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The decline in British bird populations

Britain's farmland birds have suffered dramatic population declines in the last 20 years.

The skylark population has declined by 75% and the turtle dove by 85%, while the lapwing population has halved in only the last 10 years. The countryside is now very different from two or three decades ago.

These losses have been linked to a variety of causes. Farming has become more intensive and specialised, encouraged by government subsidies, new technologies and changes in consumer demand.

These changes in farming have led to an increased use of agrochemicals, the loss of hay and pasture fields, changes in crop sowing times, drainage and ploughing of grasslands, and the removal or neglect of hedgerows - all activities incompatible with a thriving wildlife population.

Curriculum Links

AEB Biology, Section 3.6 (human activity can impose far-reaching effects on the environment)

OCR Modular Biology, Central Concepts in Biology Module 4802, Section 3 (energy and ecosystems), Ecology and Conservation Module 4803, Section 5 (national conservation) 

NEAB Biology, Topic 2 (Continuity of Life)


Student Sheet 1 (click here) , pens

Age range

16 - 18 

The activity

In this exercise, students analyse and interpret data produced by the British Trust for Ornithology/Joint Nature Conservancy Council (Common Bird Census of 1996) charting the percentage population declines for a wide range of British farmland birds. Students decide for themselves how certain agricultural practices may lead to declines in farmland bird populations. The significance of favourable habitats and intact food webs for the survival of birds is also touched upon. You may wish to set questions 1 and 2 (data analysis tasks) as independent class work, and answer questions 3 and 4 as a whole class exercise.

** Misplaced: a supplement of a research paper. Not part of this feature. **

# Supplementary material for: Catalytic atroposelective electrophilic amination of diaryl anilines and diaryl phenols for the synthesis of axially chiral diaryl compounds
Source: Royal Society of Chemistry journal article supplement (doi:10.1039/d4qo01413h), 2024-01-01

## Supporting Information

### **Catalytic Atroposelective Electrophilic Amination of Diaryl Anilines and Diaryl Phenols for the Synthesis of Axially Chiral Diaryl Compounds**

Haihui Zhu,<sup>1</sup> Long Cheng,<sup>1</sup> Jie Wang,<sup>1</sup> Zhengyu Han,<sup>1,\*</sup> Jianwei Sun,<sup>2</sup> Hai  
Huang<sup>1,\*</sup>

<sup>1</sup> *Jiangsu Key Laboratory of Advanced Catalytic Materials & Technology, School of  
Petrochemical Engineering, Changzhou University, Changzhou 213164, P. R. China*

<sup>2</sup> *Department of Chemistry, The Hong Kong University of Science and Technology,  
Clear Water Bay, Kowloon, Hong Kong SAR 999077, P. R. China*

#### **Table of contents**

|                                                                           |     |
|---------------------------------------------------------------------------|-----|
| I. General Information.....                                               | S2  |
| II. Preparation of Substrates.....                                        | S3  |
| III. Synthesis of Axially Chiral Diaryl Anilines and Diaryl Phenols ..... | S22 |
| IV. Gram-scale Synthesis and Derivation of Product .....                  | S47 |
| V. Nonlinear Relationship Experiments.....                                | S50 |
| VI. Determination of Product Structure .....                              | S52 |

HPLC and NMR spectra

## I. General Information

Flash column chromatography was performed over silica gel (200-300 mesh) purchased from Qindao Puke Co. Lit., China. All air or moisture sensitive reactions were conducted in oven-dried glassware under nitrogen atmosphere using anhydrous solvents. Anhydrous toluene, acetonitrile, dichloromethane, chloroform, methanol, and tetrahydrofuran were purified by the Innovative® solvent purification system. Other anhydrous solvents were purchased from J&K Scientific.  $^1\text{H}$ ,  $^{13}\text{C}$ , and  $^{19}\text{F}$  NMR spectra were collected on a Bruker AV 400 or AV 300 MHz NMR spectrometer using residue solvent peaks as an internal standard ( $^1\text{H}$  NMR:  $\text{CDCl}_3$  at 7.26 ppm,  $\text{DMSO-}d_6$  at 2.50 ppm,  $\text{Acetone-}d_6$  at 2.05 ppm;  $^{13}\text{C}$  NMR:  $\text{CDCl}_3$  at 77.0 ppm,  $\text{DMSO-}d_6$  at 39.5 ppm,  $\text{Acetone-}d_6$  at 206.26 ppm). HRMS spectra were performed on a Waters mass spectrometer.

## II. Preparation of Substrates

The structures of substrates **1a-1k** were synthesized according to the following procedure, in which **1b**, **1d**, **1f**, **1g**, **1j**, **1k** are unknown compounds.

Extension activities 

As a follow-up, question 4 could be used as the title for an essay set as homework. The main points to be covered in the essay would have been covered in class.

Teachers' answers

1 Which bird species has suffered the greatest population decline, on farmland only? (1 mark) turtle dove, 85%

2 (i)If in 1972 the population size for turtle doves on farmland was 50,000, what would the population size be in 1996? (1 mark)7,500; (ii)If in 1972 the population size for dunnocks on farmland and woodland was 15,000, what would the population size be in 1996? (1 mark) 10,350

3 The skylark population decline on farmland (75%) is greater than that for all other habitats combined (60%). What does this tell us about the habitat preferred by skylarks, or the susceptibility of their population numbers to agricultural practices? (2 marks) The data indicate that skylark population declines have been most marked on farmland. If skylarks were predominantly birds which did not live on farmland, changes in farming methods would not affect them to such a great degree.

4 Briefly, how could the following agricultural practices lead to farmland bird population declines? (6 marks)
(iii) Removal of hedgerows/lack of hedgerow management - loss of habitat (nest sites, cover from predators, song posts, source of food eg berries, seeds, insects).
(iv) Use of insecticides - loss of invertebrate food source; indirectly toxic to birds.
(v) Use of herbicides - loss of plant food source, loss of invertebrate food source (invertebrates rely on the weeds for their survival; indirectly toxic to birds.